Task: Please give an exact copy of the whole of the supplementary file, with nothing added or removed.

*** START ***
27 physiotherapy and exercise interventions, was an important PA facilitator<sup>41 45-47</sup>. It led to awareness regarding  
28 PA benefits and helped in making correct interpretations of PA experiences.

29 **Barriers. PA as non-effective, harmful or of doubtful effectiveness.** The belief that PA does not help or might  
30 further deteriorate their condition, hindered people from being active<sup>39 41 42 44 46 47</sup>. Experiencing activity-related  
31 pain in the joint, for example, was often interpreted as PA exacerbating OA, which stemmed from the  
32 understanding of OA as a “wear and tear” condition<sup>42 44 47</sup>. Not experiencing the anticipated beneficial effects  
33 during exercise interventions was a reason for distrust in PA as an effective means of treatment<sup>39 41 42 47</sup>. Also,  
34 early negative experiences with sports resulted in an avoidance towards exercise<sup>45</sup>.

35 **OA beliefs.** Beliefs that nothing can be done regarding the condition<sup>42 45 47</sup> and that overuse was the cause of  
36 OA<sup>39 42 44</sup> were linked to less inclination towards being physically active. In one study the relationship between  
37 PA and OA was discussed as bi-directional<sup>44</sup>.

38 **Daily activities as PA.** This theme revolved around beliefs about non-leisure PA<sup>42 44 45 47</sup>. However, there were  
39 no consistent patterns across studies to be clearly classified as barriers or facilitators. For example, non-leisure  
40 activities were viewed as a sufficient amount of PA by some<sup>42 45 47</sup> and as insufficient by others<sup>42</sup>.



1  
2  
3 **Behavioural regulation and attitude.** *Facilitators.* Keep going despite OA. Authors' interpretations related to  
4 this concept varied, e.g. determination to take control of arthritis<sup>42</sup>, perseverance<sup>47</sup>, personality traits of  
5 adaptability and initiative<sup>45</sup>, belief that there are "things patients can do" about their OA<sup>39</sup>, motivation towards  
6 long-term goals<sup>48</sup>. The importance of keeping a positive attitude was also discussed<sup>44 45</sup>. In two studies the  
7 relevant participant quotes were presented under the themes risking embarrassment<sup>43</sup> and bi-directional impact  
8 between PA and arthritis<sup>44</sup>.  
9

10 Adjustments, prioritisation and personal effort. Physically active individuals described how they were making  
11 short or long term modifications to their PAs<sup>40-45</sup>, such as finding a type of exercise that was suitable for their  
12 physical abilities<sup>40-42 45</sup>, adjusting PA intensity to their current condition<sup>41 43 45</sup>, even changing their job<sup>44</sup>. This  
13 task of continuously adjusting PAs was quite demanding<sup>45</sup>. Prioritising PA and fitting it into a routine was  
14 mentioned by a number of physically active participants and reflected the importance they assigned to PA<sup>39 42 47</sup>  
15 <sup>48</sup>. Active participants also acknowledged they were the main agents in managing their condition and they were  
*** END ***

27 physiotherapy and exercise interventions, was an important PA facilitator<sup>41 45-47</sup>. It led to awareness regarding  
28 PA benefits and helped in making correct interpretations of PA experiences.

29 **Barriers. PA as non-effective, harmful or of doubtful effectiveness.** The belief that PA does not help or might  
30 further deteriorate their condition, hindered people from being active<sup>39 41 42 44 46 47</sup>. Experiencing activity-related  
31 pain in the joint, for example, was often interpreted as PA exacerbating OA, which stemmed from the  
32 understanding of OA as a “wear and tear” condition<sup>42 44 47</sup>. Not experiencing the anticipated beneficial effects  
33 during exercise interventions was a reason for distrust in PA as an effective means of treatment<sup>39 41 42 47</sup>. Also,  
34 early negative experiences with sports resulted in an avoidance towards exercise<sup>45</sup>.

35 **OA beliefs.** Beliefs that nothing can be done regarding the condition<sup>42 45 47</sup> and that overuse was the cause of  
36 OA<sup>39 42 44</sup> were linked to less inclination towards being physically active. In one study the relationship between  
37 PA and OA was discussed as bi-directional<sup>44</sup>.

38 **Daily activities as PA.** This theme revolved around beliefs about non-leisure PA<sup>42 44 45 47</sup>. However, there were  
39 no consistent patterns across studies to be clearly classified as barriers or facilitators. For example, non-leisure  
40 activities were viewed as a sufficient amount of PA by some<sup>42 45 47</sup> and as insufficient by others<sup>42</sup>.



1  
2  
3 **Behavioural regulation and attitude.** *Facilitators.* Keep going despite OA. Authors' interpretations related to  
4 this concept varied, e.g. determination to take control of arthritis<sup>42</sup>, perseverance<sup>47</sup>, personality traits of  
5 adaptability and initiative<sup>45</sup>, belief that there are "things patients can do" about their OA<sup>39</sup>, motivation towards  
6 long-term goals<sup>48</sup>. The importance of keeping a positive attitude was also discussed<sup>44 45</sup>. In two studies the  
7 relevant participant quotes were presented under the themes risking embarrassment<sup>43</sup> and bi-directional impact  
8 between PA and arthritis<sup>44</sup>.  
9

10 Adjustments, prioritisation and personal effort. Physically active individuals described how they were making  
11 short or long term modifications to their PAs<sup>40-45</sup>, such as finding a type of exercise that was suitable for their  
12 physical abilities<sup>40-42 45</sup>, adjusting PA intensity to their current condition<sup>41 43 45</sup>, even changing their job<sup>44</sup>. This  
13 task of continuously adjusting PAs was quite demanding<sup>45</sup>. Prioritising PA and fitting it into a routine was  
14 mentioned by a number of physically active participants and reflected the importance they assigned to PA<sup>39 42 47</sup>  
15 <sup>48</sup>. Active participants also acknowledged they were the main agents in managing their condition and they were  